In 2000, Norm penciled a pair of annuals for Marvel Comics, which led to a mini-series titled Hellcat.
In 2001, Norm found himself without comix work for the first time in over 13 years. With many bills and a monthly mortgage, Norm put his house up for sale and moved to the less expensive locale and lifestyle of his youth (upper Michigan), but first he took advantage of the time off to learn to type and use a computer, plan his previous website (with the help of Jeff Nichols, website designer, fireman, and friend) and start work, entirely on his own time and budget, on a novel . . . a task many might consider too large, considering Norm's limited experience as a writer. Undaunted, Norm plotted his story and finished three chapters (about 1/4 of the planned novel) before packing and leaving for Michigan.
Also at this time, Norm ended his professional relationship with his agent of 13 years, Mike Friedrich. They remain friends.
Just before his move to Michigan, DC Comics offered Norm penciling chores on The Spectre monthly. Norm accepted and followed through with his move, starting on The Spectre when he was settled in Michigan in September 2001. He drew The Spectre for one year, until it was cancelled.
After a vacation in the Summer of 2002, Norm purchased a new computer and took the time to interact on-line again, answering questions and doing commissions. He also hired webmaster Darren Close to re-design and greatly expand his website.
Norm spent 2003 Pencilling and inking the title Black Tide, published by Angel Gate Press.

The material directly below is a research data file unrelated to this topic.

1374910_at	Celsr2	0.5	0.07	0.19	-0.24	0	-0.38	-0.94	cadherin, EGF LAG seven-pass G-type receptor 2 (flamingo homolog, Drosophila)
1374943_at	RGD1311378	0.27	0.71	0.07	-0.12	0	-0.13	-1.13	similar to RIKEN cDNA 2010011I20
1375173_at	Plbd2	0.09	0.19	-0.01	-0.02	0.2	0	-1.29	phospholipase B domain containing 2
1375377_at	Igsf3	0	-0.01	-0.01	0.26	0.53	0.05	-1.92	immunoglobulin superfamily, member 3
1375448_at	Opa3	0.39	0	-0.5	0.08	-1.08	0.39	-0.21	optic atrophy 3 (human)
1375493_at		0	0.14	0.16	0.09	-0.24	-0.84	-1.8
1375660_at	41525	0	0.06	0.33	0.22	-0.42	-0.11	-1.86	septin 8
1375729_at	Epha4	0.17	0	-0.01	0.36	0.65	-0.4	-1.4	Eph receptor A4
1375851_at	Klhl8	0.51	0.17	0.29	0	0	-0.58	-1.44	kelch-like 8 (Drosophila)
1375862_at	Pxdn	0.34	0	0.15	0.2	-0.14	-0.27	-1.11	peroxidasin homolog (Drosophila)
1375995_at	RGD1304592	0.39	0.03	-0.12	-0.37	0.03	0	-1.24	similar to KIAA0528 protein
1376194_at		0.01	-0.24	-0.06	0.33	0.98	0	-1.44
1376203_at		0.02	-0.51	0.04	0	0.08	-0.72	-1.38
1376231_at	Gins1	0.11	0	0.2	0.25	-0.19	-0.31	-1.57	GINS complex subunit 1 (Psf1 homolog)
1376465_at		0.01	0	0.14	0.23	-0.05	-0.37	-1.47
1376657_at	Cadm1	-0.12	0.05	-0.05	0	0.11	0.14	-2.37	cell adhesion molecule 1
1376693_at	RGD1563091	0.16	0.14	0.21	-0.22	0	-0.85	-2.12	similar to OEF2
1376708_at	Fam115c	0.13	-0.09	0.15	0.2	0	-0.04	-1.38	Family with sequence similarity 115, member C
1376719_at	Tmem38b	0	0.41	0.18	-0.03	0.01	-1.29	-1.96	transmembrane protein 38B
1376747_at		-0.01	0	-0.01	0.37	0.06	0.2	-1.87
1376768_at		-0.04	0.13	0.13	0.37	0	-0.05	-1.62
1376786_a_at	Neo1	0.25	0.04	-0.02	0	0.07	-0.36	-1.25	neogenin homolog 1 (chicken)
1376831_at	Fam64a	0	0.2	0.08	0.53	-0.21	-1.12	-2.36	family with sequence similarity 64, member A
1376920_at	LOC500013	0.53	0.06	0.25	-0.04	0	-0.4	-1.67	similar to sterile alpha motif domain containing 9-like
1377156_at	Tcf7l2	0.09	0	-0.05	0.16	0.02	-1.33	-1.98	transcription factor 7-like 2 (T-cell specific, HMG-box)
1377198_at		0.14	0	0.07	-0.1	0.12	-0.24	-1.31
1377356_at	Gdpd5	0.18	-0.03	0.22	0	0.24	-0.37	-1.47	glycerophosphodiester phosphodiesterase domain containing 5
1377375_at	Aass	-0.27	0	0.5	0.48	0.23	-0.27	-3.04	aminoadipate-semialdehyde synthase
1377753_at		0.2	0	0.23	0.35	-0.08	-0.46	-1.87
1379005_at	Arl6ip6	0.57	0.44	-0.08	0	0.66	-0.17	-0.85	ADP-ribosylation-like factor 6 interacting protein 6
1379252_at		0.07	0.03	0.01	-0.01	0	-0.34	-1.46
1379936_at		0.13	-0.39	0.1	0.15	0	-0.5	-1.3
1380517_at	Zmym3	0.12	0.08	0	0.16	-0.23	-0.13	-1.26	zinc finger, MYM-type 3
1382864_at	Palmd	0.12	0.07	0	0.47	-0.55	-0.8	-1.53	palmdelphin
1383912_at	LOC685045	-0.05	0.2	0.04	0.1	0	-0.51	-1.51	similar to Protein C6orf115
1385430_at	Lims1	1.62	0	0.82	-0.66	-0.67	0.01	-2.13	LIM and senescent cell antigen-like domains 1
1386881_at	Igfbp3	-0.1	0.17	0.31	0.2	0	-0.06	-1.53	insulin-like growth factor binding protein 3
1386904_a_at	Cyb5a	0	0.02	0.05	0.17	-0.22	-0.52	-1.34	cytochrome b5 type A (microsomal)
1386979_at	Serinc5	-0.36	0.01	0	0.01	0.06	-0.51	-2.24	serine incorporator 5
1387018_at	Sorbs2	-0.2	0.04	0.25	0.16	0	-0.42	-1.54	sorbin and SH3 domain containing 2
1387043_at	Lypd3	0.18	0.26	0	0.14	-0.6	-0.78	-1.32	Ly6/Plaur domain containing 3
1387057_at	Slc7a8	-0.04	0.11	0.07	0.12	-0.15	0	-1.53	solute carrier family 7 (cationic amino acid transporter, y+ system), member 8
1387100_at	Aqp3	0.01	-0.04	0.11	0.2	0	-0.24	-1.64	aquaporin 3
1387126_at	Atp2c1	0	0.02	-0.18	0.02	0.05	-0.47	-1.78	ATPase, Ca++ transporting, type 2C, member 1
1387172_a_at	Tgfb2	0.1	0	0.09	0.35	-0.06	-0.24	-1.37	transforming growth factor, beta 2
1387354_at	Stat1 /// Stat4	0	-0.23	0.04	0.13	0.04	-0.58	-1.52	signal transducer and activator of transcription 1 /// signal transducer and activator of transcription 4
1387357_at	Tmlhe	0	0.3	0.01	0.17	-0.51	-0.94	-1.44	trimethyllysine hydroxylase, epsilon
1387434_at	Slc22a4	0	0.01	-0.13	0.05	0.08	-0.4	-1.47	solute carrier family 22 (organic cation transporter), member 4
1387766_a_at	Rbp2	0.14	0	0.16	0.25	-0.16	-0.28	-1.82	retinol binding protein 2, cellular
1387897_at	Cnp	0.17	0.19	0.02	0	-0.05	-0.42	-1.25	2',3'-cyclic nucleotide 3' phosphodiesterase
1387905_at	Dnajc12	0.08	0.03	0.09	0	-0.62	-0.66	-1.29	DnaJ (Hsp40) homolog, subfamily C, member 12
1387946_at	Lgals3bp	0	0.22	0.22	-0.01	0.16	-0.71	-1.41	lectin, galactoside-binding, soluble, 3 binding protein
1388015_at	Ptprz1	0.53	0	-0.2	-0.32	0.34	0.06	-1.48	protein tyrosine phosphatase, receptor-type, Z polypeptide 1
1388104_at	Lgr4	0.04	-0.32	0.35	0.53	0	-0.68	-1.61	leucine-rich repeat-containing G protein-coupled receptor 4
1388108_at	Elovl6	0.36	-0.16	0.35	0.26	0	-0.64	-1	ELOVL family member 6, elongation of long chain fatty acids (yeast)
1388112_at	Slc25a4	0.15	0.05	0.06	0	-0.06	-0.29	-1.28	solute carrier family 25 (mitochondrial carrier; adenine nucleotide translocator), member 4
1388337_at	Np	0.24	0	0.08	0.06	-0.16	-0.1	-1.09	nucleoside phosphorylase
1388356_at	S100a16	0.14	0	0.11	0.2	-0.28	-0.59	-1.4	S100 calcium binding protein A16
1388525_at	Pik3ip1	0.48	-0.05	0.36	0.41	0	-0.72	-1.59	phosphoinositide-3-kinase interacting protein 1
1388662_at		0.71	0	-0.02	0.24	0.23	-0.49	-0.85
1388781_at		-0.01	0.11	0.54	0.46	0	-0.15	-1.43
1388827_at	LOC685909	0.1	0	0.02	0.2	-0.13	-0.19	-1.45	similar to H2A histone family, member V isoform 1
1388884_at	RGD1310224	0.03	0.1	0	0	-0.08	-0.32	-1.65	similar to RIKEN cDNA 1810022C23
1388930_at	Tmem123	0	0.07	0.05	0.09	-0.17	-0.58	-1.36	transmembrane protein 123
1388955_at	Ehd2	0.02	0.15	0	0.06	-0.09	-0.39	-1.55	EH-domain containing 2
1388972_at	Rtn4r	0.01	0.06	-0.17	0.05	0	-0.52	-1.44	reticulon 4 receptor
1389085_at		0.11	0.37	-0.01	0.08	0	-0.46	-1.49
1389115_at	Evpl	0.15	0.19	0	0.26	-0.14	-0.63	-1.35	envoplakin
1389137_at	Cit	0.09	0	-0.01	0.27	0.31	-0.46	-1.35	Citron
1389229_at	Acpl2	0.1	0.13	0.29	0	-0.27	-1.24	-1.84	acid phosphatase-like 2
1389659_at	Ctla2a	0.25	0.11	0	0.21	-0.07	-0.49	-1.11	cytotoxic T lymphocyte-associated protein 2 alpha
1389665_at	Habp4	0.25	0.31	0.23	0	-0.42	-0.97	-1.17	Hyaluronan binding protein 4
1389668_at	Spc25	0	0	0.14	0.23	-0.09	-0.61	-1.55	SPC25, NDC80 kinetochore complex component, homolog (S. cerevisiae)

In 2004 Norm began work on an illustrated childrens’ book for the local Society of St. John Monastery, finished many commissions for fans, put together a couple printed sketchbooks showcasing his work, and continued writing his novel, getting up to halfway done at page 100, finishing through chapter 6. He also wrote over 40 poems and over 1300 haikus in a 5 month marathon.
Norm plans to finish his novel (and perhaps even the childrens’ book) eventually.
In 2005 Norm penciled and inked the interiors and covers of the new on-going monthly title Of Bitter Souls from the production house Relative Comics, published by Speakeasy Comics (and, later, published by Markosia) and written by Chuck Satterlee.
In 2006-2007 Norm penciled and inked the main story interiors and the covers for the comic book The Danger's Dozen, published by A First Salvo. He also began a professional relationship with the London-based art agency Debut Art and has since done numerous illustrations for many venues outside of the comics milieu, for clients from around the world.
In 2007 Norm provided illustrations for Stephen Pytak's second prose novel, The .40 Caliber Mousehunt,
In 2008-2009 Norm penciled and inked a "New Look" story arc for Archie Comic publications.
In 2009, Norm accepted the offer to pencil the interiors (and to pencil and ink the covers) of two brand new titles from Archie Comics, titled Archie Loves Veronica and Archie Loves Betty. He also began work on 21 full-color illustrations for Stephen Pytak's third novel, The Wild Damned.
In addition to penciling and inking, Norm's areas of experience include working in almost all traditional mediums, in B&W and in color. He has done many pieces of artwork on commission in various media.
Among his accomplishments, there are numerous awards he has received. Among those awards are two first place blue ribbons at the San Diego Con in 1984 for "Best Comic or Con Related Art" and "Most Popular Artist" as well as a second place in 1985 (behind the first place awarded to the internationally acclaimed artist Mobieus) for “Comic Art.”